[olug] Looking for some svn help
topher-olug at zyp.org
Thu Apr 26 05:58:49 UTC 2012
On Wed, Apr 25, 2012 at 6:35 PM, Jeff Hinrichs - DM&T
<jeffh at dundeemt.com> wrote:
> **side note**
> And for anyone else who wants to chime in with "Switch to X", it is not
> always that simple. Unless you can justify the ROI on switching X for
> non-trivial projects "switch to x" is a non-starter. If you are a one man
> show than switching vcs's might be akin to changing socks, in more complex
> environments there are frequently more factors to consider. As a starting
> point, if you can't demonstrate a minimum of 10x improvement, I am not
> interested. 10x is the bare minimum to cover logistical expenses of
> migration and retraining.
Well said, Sir.
While git (and to lesser extents, mercurial, bazaar, fossil, etc) are
the new hotness in source and revision control, Subversion is still
going (very) strong in the corporate world. Outside of Open Source
and startups, Subversion is probably the most common version control
system in use.
Something that has to be remembered is that in the corporate world,
there are a lot of factors that affect the choice of version control
system, and coolness, trendiness, and even modern advanced features
rarely play into it.
Among the things that do need to be considered:
1. Platform use. git support for Windows is still pretty weak. If
your team is doing all, most, or even just a significant minority of
their development on or for Windows, git is likely not going to be
your best option.
2. Tool support. Subversion, by virtue of having been around a lot
longer, has good integration with many development environments and
development tools. If you are making use of or need these tools, you
will want a version control system that works well with them.
3. Automation support. Again, due to it's ubiquity in the corporate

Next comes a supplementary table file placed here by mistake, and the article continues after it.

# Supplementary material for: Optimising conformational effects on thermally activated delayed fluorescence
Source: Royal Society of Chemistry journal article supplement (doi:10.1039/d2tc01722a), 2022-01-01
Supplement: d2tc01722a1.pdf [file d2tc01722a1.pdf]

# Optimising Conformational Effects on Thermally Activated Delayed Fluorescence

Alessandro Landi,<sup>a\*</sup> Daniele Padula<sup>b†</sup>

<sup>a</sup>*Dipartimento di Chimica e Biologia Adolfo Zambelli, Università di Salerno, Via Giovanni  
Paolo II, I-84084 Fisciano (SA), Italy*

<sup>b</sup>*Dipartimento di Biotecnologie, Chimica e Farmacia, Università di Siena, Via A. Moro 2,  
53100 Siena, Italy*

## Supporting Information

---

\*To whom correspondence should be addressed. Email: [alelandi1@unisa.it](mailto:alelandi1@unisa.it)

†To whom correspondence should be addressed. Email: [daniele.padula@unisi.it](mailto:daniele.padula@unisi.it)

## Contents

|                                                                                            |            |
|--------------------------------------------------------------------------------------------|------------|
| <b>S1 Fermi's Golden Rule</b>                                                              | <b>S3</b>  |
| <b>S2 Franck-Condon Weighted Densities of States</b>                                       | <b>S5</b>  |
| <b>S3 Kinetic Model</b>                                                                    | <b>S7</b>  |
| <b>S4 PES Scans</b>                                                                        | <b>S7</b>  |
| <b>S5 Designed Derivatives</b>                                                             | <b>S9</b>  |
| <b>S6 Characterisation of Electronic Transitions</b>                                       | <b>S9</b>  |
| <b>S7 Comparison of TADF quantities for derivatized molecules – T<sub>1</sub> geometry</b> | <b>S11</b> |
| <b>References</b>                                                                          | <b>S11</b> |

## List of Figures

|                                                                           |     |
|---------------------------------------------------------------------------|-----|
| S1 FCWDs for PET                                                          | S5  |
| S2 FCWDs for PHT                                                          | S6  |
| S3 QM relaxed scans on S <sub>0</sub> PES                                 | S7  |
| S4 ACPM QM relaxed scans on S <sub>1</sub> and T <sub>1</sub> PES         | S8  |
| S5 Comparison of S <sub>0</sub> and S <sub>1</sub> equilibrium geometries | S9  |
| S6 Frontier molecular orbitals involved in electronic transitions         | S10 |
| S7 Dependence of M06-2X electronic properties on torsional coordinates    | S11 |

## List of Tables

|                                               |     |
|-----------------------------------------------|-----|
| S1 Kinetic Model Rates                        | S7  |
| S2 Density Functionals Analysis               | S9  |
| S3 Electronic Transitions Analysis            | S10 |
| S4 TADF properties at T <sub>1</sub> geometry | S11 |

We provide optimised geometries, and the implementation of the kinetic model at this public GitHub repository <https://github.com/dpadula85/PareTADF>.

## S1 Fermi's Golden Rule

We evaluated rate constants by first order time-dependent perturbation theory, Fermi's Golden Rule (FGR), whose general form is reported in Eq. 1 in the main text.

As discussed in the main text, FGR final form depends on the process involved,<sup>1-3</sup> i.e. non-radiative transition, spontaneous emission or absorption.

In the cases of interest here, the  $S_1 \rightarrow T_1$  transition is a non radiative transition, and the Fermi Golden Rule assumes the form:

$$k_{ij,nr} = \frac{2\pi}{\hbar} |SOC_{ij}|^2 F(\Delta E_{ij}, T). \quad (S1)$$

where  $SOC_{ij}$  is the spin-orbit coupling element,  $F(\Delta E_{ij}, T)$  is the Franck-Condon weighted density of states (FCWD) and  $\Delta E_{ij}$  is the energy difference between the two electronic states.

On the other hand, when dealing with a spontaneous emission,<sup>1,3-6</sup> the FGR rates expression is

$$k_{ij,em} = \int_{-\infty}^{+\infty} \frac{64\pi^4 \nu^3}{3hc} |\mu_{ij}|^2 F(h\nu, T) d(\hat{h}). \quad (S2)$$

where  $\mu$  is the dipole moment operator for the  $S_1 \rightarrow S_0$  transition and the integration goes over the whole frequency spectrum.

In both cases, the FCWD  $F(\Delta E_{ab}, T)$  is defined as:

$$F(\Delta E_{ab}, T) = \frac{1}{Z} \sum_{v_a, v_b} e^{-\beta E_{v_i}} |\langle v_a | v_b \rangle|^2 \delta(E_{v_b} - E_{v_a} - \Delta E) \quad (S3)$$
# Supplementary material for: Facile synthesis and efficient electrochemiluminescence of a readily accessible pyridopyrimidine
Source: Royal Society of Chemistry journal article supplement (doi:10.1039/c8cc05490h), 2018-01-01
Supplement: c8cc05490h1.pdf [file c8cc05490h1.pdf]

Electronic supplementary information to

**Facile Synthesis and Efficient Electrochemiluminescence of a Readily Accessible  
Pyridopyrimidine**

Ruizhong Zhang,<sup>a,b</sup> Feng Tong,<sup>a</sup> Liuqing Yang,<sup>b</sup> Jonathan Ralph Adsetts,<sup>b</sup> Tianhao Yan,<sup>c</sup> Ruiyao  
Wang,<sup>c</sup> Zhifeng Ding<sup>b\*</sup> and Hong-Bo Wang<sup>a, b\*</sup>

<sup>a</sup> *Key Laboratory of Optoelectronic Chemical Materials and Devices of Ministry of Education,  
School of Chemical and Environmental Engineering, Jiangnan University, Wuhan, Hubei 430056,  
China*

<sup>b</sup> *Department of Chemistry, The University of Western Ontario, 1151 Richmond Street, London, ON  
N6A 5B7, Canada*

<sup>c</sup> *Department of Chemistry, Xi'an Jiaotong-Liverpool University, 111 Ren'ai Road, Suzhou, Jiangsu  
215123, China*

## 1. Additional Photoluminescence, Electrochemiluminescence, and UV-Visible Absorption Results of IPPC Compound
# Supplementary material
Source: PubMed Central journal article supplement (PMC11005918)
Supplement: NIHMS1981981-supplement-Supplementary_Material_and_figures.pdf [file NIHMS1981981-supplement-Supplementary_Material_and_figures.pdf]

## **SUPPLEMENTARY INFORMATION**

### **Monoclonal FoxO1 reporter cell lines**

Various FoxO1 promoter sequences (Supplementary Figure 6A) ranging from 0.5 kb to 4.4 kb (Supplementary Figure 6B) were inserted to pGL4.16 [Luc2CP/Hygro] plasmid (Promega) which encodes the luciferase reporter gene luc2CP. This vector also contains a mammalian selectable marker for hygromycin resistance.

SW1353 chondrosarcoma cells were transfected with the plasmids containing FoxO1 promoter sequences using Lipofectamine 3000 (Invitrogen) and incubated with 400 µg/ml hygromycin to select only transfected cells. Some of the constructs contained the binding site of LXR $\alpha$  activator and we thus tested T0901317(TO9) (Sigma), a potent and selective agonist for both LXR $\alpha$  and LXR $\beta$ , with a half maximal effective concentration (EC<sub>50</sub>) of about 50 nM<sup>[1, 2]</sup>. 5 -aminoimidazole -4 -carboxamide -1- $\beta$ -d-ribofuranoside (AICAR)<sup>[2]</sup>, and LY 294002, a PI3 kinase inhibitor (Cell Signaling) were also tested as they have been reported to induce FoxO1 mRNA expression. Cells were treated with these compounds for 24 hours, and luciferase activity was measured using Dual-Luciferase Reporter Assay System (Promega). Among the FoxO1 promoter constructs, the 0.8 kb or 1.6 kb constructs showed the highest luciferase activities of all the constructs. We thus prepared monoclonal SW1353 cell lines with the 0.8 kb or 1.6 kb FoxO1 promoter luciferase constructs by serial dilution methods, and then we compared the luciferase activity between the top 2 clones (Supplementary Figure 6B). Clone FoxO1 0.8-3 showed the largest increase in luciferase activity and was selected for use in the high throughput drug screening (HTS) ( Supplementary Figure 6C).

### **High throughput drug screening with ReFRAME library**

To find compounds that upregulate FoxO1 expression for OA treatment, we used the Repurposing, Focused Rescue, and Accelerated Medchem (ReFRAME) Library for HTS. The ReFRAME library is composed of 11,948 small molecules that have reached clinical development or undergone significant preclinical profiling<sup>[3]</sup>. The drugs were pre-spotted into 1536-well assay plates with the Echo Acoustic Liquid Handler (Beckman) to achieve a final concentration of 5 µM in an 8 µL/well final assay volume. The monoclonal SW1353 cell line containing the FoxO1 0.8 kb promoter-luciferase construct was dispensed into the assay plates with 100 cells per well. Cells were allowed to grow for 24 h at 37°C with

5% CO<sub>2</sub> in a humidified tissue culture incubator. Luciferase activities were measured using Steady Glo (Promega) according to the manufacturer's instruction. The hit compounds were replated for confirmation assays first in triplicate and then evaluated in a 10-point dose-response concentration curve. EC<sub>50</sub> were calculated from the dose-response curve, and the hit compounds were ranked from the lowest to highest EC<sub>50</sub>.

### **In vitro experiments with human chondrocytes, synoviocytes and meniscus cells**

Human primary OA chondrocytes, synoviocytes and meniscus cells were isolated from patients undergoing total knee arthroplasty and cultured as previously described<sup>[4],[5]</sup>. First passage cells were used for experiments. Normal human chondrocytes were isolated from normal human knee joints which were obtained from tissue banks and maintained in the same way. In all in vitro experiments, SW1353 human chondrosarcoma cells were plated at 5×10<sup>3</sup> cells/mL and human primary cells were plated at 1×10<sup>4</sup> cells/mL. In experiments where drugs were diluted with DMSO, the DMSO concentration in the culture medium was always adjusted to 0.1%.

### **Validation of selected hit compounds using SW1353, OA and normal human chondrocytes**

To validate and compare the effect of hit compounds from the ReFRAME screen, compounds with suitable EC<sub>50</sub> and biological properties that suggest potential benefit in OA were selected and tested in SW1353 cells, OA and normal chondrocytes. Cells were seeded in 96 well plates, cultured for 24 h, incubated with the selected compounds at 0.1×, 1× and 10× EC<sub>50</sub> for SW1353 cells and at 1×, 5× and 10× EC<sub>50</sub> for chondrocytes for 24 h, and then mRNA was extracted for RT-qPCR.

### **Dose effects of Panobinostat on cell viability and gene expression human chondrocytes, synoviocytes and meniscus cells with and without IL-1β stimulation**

world and it's longer history, subversion is supported by a lot of
automated tools (build systems, test systems, deployment systems,
etc). If you have a lot of build or deployment automation built
around subversion (or some other version control system), changing can
be a very significant undertaking.
4. Existing experience. The larger the team, the more this matters.
If you have 1-2 people, it's easier to switch to a different system.
If you've got a team of 10 or 20, that's a lot of people who need to
be retrained, both on the version system, and the tools and
infrastructure around it.
5. Corporate policies. While a lot of people find distributed version
control systems to be wonderful (I'm a fan, myself), the corporate
world has different goals and requirements. Among them is a stronger
desire for control. By it's centralized nature, the organization has
more control over the code repository with subversion than with a
6. Time resource constraints. If you've already invested the time and
resources to install, setup, configure, and implement an existing
version system, there will need to be a very definite rationale for
switching. Every minute spent installing and setting up the new
system, training people for it, integrating it with existing tools and
systems, etc., is time that could have been spent developing actual
code. Most development teams aren't exactly swimming in free time.
7. Inertia. In the corporate world, Subversion is the solid, safe
choice. It's strengths and deficiencies are well known and
understood. Most corporations are risk averse, with some good reason,
so they're going to go with what's "standard" in the industry. Same
reason that so much development is done in Java. It's easier to hire
people who know it and can use it.
> Jeff Hinrichs
More information about the OLUG